God Inspires Us to Pray & Act
Oct 21, 2019
In today’s first reading the Israelites are battling Amalek and his army. Moses stands on a hill overlooking the battle. He has the staff of God in his hand. As long as he keeps the staff raised above his head the Israelites had the better of the fight. When Moses lowered his hands Amalek’s army had the advantage. Finally to assure the victory, Aaron and Hur supported Moses arms to keep the staff of God raised above his head. In all of this I find myself wondering what Moses was thinking. I am sure that to begin with he was concerned with how the Israelites were doing in their battle. But as the battle continued I suspect he became more concerned about how heavy the staff was and how sore his arms were becoming. To accomplish what God required Moses needed the help of two others who could support his arms even as the battle raged on.
Even though Moses had the support of the two, I wonder if he still didn’t find himself becoming more concerned about his arms. That staff had to become very heavy as the hours passed. I can imagine that the muscles in his arms began cramping up and his joints began to complain. Yet for the sake of the Israelite army Moses had to continue to hold that staff above his head. As the pain grew I suspect that Moses thought less about the battle and more about himself. The question of the battle would have ultimately focused on when it would be finished.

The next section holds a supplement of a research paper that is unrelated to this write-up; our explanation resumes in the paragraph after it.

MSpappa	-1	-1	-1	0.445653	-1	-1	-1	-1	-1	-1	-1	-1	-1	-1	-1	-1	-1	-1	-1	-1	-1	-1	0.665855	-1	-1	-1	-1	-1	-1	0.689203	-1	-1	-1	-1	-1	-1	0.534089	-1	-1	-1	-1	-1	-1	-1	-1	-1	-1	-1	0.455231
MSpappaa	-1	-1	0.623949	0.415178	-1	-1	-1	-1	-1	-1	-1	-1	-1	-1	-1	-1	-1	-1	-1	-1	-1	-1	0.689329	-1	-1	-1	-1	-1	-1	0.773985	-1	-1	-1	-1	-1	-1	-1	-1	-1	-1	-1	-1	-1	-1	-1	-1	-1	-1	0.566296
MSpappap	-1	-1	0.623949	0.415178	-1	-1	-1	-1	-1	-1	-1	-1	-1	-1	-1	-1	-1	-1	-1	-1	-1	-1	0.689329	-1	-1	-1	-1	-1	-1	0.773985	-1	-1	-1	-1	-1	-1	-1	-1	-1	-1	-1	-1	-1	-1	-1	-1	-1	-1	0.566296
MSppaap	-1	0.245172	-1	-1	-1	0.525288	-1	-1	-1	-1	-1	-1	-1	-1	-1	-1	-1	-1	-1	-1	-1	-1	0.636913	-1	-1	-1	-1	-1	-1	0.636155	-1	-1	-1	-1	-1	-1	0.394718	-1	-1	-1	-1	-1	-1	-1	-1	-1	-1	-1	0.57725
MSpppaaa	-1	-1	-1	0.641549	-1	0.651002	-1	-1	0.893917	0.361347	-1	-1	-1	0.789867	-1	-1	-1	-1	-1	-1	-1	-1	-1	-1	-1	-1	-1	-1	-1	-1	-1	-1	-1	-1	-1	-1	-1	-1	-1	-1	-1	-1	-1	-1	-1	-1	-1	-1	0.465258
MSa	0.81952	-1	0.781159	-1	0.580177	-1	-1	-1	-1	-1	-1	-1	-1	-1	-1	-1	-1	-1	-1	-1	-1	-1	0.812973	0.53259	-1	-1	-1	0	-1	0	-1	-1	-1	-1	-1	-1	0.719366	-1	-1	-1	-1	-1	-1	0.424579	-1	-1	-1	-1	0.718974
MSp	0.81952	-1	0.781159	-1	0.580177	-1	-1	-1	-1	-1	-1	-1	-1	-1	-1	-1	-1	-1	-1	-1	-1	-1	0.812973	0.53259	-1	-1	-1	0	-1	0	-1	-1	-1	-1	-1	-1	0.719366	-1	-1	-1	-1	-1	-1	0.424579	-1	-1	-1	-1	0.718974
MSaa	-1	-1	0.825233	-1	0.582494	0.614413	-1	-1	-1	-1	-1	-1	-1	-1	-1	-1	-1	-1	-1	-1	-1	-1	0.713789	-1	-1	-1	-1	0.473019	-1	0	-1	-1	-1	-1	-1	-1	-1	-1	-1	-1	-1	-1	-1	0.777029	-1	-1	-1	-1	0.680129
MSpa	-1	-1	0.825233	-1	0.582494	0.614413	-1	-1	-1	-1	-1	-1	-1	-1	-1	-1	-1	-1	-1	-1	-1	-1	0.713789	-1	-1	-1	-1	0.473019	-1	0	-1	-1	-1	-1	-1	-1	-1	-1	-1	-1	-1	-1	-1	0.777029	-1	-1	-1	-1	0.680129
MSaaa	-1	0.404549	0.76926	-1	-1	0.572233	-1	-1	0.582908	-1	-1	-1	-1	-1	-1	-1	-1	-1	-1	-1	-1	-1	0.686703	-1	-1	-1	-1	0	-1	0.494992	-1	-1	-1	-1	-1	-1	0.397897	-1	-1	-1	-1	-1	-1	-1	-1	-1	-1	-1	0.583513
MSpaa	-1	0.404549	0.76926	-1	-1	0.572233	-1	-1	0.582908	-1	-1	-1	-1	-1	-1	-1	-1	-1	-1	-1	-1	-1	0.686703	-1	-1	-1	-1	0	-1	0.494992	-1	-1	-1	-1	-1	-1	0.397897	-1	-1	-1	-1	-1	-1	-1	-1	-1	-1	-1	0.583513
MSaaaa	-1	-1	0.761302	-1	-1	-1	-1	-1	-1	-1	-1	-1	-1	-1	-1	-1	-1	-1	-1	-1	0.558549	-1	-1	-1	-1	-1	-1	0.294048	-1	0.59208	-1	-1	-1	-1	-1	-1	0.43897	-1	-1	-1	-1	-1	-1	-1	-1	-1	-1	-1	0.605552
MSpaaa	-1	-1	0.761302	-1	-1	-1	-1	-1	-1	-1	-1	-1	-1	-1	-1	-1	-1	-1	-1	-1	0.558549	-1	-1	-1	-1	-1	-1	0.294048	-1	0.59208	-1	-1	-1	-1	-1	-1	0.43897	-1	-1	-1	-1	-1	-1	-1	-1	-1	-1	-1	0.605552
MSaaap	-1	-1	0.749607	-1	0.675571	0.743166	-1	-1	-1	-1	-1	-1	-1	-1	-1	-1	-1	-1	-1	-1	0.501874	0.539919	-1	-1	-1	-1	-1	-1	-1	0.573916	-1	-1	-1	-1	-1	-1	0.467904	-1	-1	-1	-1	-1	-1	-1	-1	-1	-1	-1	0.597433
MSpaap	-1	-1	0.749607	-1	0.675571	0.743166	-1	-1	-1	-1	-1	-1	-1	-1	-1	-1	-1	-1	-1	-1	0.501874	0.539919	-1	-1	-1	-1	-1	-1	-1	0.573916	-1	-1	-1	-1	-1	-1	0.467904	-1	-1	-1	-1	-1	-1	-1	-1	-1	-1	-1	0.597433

There are several aspects of prayer that I think this story points towards. The first is that prayer can be hard. I admire the group of prayers who come to Wednesday morning Mass who pray the rosary together as we begin Eucharistic adoration. Praying together supports each individual in their offering of prayer to God. I also appreciate those who pray the rosary before our Sunday Masses. Again it becomes a community event that supports each individual in their communication with God. Prayer can take time. As Jesus points out in today’s Gospel of the unjust judge he finally renders a judgement because of the widow’s persistence. The answers to prayer are often times not instantaneous but require that we keep our focus on the One who can answer them. Prayers are effective. As long as Moses kept the staff raised above his head the Israelites had the advantage. The battle itself had to take place, but Moses intervention made all the difference. Often times when I am celebrating the funeral of a grandparent I will hear the grandchildren talk about how powerfully the grandparent’s prayers mattered in their life. Finally, prayer can take different forms. Who would think holding a cane above one’s head would make such a difference? Couldn’t Moses just say a novena and that could make the difference? God inspires all prayer and we have to pay attention to what He is calling us to. One person’s prayer may not be another person’s way of communicating the presence of God. Our task is to appreciate each way that God inspires others to pray as well as to act on the way God calls each of us into prayer.